Growing fruit plants is an exciting and satisfying experience that benefits the environment, human health and animal welfare. Homeowner's will also find that growing these valuable plants adds beauty and value to their property.
Fruit plants and fruit trees are excellent food sources. Apples, peaches, pears, cherries and a great variety of nuts grow on trees. Strawberry and raspberry plants are garden favorites.
Fruit trees contribute to the environment by producing oxygen and cleaning pollutants like carbon dioxide from the air. One tree alone can absorb about 10 lbs. of pollution and 330 lbs. of carbon dioxide from the air every year.
Planting fruit trees benefits agriculture. Tree roots keep waterways cleaner and help prevent erosion by holding soil in place.
The blossoms from fruit trees provide nectar and pollen for bees and other insects. Animals benefit from the fruit, leaves and bark as well as the shelter the trees provide from weather and predators.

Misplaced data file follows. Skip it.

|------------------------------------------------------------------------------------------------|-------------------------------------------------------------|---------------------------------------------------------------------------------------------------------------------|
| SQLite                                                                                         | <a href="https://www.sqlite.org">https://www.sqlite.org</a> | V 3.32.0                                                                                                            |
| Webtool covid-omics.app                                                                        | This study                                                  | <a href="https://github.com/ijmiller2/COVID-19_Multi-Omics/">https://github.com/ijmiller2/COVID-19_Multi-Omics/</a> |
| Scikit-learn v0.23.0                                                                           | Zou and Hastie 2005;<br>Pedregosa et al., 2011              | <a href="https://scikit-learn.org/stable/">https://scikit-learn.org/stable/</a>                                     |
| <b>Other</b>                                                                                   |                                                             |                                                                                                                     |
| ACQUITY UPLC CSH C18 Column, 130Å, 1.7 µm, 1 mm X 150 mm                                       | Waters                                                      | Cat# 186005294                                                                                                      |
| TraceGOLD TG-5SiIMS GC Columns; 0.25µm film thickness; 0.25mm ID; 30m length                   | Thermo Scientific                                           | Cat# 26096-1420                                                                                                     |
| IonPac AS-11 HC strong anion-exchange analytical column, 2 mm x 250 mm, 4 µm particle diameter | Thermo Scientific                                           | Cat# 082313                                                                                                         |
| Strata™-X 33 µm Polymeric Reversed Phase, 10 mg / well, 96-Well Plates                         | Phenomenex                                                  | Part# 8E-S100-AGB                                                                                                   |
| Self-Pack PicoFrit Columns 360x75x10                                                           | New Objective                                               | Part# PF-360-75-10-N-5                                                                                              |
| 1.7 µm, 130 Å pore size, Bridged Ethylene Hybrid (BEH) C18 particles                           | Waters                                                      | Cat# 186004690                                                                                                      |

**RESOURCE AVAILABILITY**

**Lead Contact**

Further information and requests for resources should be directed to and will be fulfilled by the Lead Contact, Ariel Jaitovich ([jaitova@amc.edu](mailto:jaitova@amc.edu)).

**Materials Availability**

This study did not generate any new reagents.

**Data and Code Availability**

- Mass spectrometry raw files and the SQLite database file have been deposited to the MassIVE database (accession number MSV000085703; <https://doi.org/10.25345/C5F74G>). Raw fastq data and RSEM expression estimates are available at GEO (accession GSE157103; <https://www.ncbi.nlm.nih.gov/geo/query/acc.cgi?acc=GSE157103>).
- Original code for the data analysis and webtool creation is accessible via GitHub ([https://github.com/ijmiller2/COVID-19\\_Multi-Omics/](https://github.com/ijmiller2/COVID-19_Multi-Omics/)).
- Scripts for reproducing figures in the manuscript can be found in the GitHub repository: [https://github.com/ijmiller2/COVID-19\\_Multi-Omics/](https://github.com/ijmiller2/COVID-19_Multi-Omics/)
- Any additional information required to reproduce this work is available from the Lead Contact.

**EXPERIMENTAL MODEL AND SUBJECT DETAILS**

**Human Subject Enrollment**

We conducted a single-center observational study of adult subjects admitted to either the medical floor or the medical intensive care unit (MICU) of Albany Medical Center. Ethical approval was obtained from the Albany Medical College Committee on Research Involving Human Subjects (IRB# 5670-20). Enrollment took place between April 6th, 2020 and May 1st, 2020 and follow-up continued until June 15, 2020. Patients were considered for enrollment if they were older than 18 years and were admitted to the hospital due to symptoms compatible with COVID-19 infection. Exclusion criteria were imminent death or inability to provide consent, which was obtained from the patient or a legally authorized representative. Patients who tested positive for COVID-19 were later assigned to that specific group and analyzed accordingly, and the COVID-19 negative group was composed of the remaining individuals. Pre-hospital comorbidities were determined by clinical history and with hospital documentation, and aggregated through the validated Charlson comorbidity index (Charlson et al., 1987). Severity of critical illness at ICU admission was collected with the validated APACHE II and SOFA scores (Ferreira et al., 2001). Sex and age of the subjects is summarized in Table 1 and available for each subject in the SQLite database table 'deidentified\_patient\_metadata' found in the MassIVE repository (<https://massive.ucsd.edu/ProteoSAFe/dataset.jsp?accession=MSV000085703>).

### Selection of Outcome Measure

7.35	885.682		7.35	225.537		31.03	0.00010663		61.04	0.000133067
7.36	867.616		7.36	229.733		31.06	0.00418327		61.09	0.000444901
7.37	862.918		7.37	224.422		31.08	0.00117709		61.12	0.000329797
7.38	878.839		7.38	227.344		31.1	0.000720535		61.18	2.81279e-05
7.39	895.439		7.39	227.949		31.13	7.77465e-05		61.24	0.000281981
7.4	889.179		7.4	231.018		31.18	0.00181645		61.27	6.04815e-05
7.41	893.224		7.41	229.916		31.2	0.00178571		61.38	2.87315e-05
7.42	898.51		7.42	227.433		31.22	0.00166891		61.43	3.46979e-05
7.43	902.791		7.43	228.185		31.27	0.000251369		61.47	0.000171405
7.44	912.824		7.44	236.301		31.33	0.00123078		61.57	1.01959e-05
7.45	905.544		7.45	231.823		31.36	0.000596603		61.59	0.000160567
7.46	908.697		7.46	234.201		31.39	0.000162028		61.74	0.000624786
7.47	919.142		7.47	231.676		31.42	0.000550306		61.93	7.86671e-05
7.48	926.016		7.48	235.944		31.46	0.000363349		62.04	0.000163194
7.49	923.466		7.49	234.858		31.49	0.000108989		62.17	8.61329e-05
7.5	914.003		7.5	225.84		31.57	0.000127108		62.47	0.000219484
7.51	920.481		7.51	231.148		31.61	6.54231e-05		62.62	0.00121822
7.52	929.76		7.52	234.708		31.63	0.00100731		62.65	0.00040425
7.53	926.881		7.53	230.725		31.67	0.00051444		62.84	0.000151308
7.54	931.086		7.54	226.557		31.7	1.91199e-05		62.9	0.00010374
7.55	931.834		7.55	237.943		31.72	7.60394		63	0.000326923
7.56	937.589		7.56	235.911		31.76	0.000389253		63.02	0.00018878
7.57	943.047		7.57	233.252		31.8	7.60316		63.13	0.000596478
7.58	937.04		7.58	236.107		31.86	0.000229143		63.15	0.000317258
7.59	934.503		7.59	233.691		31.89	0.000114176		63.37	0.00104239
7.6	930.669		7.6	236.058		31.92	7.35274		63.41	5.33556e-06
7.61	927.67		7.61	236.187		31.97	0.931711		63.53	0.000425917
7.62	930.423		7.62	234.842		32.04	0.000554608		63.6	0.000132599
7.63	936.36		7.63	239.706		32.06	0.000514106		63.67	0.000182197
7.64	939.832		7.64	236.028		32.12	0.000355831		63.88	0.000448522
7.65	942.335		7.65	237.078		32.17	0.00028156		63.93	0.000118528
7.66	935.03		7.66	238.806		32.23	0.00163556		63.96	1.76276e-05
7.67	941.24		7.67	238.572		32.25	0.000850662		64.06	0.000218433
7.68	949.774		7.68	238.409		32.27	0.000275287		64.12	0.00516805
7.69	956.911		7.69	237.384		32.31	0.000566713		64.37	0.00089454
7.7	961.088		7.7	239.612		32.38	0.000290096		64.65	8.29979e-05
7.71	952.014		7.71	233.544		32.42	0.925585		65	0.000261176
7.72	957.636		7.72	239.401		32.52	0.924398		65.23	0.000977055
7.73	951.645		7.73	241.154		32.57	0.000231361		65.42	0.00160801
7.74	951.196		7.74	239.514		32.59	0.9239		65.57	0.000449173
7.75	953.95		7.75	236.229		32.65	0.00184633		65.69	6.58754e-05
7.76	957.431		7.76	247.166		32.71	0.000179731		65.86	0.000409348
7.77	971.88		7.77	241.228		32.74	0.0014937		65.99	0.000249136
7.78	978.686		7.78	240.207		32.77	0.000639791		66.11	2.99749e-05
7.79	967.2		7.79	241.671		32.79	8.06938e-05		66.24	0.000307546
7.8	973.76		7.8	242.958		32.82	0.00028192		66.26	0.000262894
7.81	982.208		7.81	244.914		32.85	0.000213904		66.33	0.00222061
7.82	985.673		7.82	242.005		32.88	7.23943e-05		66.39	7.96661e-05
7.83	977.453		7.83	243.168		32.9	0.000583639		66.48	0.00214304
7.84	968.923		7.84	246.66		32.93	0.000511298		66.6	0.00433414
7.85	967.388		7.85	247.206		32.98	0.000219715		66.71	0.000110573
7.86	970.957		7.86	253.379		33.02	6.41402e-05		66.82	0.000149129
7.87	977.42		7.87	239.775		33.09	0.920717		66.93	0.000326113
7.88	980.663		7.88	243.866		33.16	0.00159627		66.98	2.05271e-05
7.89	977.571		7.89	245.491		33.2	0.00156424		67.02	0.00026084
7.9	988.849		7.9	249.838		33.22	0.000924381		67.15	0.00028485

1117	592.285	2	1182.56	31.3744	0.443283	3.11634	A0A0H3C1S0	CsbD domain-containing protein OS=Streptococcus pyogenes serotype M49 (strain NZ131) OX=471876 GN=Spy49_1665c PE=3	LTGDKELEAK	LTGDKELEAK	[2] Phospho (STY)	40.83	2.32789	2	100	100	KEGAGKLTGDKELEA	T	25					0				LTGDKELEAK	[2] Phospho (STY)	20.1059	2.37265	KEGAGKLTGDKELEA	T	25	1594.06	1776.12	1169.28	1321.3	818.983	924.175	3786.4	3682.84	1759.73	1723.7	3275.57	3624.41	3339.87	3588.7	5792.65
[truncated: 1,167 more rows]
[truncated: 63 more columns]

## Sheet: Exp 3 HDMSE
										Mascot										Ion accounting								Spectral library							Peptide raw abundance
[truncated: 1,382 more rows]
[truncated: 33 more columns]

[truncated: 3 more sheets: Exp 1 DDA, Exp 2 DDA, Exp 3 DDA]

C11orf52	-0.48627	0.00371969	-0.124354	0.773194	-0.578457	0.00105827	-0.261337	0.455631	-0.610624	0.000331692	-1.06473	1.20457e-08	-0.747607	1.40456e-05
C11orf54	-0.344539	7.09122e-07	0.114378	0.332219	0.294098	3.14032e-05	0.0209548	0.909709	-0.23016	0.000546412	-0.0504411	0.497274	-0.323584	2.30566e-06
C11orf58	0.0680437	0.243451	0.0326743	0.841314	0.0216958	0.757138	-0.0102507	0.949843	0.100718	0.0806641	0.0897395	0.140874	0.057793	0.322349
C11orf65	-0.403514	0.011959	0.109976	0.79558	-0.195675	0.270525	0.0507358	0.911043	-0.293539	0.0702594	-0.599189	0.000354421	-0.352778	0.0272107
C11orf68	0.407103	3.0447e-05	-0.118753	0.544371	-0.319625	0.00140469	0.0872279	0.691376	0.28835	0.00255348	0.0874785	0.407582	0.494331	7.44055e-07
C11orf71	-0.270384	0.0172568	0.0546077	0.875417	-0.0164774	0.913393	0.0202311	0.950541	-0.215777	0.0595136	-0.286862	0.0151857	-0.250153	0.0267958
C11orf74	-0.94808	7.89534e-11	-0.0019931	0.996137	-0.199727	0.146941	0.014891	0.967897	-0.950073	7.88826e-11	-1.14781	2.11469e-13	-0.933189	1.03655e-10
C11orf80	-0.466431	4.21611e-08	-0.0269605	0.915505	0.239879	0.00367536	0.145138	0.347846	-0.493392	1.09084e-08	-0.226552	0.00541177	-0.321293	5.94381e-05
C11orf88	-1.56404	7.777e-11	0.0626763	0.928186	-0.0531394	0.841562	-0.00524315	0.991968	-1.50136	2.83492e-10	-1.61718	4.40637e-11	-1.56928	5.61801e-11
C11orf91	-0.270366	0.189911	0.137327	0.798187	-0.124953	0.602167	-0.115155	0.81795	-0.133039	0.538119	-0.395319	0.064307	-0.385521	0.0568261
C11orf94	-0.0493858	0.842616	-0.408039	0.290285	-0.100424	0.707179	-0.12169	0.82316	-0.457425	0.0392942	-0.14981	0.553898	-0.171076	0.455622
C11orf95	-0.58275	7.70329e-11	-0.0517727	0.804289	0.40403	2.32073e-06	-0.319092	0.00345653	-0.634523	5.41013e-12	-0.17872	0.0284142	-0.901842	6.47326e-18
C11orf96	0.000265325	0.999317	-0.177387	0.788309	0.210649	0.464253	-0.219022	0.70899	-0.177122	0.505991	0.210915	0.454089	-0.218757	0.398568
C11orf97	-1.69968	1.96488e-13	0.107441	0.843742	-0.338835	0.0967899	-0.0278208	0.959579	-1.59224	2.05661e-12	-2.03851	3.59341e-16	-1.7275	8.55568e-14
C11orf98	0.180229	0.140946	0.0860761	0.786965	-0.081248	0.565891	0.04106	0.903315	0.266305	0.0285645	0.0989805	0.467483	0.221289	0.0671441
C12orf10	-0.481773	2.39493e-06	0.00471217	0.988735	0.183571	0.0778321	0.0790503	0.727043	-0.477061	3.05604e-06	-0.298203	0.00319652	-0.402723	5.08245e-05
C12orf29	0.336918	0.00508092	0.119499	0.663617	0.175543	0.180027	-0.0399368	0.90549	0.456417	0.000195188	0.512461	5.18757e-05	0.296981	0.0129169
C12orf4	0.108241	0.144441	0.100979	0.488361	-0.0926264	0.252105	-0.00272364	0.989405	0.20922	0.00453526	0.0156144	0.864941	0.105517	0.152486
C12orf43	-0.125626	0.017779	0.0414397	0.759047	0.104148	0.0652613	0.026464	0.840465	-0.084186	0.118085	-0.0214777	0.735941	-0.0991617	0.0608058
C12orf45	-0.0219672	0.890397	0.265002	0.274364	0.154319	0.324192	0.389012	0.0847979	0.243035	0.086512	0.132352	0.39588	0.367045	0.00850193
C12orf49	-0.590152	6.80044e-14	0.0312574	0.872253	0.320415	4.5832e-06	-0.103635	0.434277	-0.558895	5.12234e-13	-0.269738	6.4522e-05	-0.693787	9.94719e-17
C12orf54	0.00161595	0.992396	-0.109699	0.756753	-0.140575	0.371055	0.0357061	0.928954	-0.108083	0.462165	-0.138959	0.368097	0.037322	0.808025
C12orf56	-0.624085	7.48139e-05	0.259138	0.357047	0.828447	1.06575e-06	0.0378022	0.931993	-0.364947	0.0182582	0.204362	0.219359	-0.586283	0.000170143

Different cultures have developed different uses for fruit plants. Nuts and dried fruits are often used in decorations or in dried floral arrangements. Plant parts are used for making dyes or candle wax in many countries.
- Fruit Tree Planting Foundation: Planting Fruit Trees for a Healthier Planet
- Borealforest.org: How Trees Work for Us
- FAO.org: Non-Wood Forest Products of Bhutan
benefits of fruit plants, uses for dried fruits, types of fruit trees
About this Author
Loraine Degraff has been a writer and educator since 1999. She recently began focusing on topics pertaining to health and environmental issues. She is published in "Healthy Life Place" and "Humdinger" and also writes for Suite101. Degraff holds a Master's degree in Communications Design from Pratt Institute.